Cancer Survivors in the United States Face Economic Burden
According to a study conducted by the Centers for Disease Control and Prevention in their June 12, 2014 Issue, Morbidity and Mortality Weekly Report, US cancer survivors suffer from significant economic burdens due to increasing medical costs, missed work, and reduced productivity.
As said by Donatus U, Ekwueme, PhD, a senior health economist at CDC’s Division of Cancer Prevention and Control, “Cancer survivors face physical, emotional, psychosocial, employment and financial challenges as a result of their cancer diagnosis and treatment”. Due to the developing technologies, it is more likely that in the upcoming decades, more cancer patients will be treated and survivors are more likely to experience the same. Medical and public health professionals should be diligent in their efforts of helping the cancer patients reduce the burden of cancer as well as to their families.
Researchers analyzed the data from the Agency for Healthcare Research and Quality’s 2008-2011 Medical Expenditure Panel Survey to estimate annual medical costs and productivity losses among male and female cancer survivors, aged 18 years and older, and among persons without cancer diagnosis.
It was found out that loss of productivity among cancer patients or survivors were due to employment disability or being unable to work because of illness or injury as well as health-related missed work days, and days spent in bed due to ill health.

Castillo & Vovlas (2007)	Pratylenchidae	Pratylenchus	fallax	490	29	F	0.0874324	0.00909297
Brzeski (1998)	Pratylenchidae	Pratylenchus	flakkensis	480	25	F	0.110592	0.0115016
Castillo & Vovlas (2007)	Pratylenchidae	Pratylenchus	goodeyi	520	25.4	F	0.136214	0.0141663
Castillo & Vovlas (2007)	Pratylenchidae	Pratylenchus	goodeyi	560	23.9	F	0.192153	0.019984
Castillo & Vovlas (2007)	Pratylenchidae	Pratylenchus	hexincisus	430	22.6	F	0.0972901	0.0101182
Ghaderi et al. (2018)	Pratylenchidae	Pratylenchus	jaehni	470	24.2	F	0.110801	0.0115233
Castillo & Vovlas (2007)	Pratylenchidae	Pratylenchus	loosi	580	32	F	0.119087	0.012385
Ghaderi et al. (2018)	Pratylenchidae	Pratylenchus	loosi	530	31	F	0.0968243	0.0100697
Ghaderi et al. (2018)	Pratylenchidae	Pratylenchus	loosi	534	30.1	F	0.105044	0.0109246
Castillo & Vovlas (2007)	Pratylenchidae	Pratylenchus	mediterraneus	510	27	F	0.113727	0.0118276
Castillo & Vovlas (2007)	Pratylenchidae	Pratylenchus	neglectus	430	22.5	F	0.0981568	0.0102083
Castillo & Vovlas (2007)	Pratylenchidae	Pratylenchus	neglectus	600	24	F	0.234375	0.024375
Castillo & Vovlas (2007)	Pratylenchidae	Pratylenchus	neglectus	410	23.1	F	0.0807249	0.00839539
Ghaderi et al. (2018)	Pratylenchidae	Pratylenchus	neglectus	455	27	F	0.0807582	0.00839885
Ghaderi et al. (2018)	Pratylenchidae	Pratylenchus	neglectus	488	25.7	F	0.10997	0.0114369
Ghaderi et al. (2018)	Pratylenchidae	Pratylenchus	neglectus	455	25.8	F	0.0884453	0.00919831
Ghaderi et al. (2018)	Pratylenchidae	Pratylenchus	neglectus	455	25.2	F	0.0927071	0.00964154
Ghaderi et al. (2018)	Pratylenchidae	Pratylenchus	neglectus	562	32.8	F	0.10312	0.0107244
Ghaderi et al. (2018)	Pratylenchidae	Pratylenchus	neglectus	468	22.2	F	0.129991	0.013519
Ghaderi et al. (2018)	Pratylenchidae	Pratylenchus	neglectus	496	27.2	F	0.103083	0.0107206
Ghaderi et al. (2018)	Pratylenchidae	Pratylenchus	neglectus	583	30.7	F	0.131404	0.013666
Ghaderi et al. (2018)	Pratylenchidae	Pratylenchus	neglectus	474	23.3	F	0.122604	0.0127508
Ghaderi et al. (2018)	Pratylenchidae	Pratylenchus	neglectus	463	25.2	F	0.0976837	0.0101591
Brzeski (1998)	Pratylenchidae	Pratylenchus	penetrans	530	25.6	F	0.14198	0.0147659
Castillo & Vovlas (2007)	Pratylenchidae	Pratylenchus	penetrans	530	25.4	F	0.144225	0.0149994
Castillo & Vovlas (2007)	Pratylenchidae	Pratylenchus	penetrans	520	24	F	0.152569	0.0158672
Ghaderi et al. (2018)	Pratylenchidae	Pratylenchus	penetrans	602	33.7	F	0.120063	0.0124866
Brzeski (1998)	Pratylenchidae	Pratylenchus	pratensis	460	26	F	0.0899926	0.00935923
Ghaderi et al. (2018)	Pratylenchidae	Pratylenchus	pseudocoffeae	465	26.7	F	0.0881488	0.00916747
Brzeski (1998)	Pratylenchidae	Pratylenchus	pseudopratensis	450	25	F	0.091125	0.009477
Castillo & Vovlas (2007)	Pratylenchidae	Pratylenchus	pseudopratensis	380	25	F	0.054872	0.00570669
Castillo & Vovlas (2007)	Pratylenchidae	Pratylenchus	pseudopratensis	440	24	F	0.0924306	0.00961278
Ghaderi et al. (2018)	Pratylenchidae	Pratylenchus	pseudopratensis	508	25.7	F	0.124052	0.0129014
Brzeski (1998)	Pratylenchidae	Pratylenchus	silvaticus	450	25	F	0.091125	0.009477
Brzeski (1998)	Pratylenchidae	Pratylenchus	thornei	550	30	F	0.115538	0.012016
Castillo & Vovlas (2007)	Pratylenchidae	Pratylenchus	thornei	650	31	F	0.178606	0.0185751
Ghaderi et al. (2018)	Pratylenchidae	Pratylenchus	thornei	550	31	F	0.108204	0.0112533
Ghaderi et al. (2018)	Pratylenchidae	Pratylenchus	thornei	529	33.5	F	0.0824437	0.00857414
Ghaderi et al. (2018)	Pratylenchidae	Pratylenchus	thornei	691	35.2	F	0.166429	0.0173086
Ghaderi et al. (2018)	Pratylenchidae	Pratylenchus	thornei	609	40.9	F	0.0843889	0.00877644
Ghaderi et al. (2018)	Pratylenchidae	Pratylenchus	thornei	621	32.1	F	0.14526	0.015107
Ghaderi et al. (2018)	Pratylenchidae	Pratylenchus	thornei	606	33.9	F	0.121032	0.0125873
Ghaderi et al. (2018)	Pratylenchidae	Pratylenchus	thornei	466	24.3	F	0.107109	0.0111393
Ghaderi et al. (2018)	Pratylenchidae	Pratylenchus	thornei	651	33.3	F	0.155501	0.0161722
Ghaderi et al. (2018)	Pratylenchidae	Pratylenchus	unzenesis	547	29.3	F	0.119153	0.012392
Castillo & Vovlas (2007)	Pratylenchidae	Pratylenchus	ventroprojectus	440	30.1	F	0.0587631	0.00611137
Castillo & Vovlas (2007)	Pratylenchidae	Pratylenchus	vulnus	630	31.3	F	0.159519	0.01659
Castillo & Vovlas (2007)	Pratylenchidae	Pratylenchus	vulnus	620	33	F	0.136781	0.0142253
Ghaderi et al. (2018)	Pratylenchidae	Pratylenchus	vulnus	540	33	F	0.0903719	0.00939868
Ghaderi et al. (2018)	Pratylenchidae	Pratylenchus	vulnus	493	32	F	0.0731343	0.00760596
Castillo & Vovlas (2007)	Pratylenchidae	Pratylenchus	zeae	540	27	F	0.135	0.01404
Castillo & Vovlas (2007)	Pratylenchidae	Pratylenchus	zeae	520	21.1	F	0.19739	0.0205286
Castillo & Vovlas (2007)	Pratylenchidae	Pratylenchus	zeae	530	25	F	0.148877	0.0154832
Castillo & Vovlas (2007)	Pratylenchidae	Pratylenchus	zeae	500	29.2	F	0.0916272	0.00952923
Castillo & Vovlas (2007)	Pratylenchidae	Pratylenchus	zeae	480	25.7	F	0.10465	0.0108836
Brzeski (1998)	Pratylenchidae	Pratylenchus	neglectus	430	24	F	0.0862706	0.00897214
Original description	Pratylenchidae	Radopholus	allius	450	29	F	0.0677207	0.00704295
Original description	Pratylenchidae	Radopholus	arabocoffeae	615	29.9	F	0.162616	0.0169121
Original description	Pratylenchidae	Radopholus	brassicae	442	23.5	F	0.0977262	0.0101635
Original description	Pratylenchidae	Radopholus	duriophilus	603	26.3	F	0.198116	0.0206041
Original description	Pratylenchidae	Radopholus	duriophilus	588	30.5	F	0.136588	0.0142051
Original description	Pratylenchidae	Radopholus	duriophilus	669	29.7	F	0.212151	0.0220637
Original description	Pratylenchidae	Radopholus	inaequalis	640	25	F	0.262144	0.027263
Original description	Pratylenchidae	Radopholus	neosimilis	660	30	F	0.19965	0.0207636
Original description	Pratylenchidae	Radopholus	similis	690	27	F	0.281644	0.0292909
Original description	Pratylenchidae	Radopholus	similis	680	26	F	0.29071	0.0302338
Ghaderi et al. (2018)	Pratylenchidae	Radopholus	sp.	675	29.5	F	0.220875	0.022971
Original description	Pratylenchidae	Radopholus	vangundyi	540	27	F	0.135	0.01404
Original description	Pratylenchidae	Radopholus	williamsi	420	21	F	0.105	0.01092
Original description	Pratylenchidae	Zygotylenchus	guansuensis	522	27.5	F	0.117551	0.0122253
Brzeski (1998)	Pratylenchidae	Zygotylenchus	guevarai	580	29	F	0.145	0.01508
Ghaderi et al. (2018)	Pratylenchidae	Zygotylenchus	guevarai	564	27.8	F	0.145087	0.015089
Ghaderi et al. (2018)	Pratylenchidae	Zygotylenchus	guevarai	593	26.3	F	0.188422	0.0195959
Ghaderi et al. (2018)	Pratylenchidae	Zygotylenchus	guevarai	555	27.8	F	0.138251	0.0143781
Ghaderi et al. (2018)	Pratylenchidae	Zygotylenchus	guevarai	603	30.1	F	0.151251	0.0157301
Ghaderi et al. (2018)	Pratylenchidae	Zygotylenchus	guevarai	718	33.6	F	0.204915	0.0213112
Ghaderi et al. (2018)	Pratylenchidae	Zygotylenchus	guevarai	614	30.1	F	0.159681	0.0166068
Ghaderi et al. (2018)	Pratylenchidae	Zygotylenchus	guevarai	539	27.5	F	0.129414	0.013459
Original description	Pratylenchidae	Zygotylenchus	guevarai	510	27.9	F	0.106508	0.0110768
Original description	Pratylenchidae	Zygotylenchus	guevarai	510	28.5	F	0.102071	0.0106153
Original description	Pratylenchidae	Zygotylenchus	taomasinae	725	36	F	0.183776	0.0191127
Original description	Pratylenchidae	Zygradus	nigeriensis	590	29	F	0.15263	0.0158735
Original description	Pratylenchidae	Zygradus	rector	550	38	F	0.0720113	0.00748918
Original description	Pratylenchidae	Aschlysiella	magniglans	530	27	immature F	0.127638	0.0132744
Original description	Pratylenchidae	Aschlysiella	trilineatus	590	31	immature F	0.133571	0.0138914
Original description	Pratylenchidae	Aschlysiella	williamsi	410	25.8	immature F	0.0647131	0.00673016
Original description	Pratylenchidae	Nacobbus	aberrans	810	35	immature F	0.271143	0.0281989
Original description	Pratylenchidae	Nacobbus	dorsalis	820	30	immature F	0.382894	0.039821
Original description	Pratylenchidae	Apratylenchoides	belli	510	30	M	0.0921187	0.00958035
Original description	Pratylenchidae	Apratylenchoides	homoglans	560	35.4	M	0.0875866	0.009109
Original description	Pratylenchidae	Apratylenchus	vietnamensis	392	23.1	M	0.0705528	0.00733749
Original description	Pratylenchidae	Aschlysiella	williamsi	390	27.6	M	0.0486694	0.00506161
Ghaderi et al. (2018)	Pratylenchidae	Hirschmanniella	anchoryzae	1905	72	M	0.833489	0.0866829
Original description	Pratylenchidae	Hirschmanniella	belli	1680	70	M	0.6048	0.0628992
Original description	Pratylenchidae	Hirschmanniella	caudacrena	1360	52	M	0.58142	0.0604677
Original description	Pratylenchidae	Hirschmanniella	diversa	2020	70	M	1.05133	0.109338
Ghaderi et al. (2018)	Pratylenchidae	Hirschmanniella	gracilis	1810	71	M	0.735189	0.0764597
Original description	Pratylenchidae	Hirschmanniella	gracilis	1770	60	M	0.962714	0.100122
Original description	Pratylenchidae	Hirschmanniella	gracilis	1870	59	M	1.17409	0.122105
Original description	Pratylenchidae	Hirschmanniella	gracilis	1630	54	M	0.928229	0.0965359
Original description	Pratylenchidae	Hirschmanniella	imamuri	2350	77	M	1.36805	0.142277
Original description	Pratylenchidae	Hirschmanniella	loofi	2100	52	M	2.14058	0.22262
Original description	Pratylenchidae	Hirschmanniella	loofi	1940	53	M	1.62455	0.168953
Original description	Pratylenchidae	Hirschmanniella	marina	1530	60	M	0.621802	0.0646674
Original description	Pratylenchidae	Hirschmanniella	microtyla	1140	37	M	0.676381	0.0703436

Study findings also indicate:
- Cancer survivors were more likely to be female, non-Hispanic white, have multiple chronic conditions, or to be in fair or poor health.
- Employment disability accounted for about 75 percent of lost productivity among cancer survivors.
- Among survivors who were employed at the time of their diagnosis, cancer and its treatment interfered with physical tasks (25 percent) and mental tasks required by the job (14 percent); almost 25 percent of cancer survivors felt less productive at work.
The authors suggest that intervention programs on comprehensive health and employment may be needed to improve outcomes for cancer survivors and their families.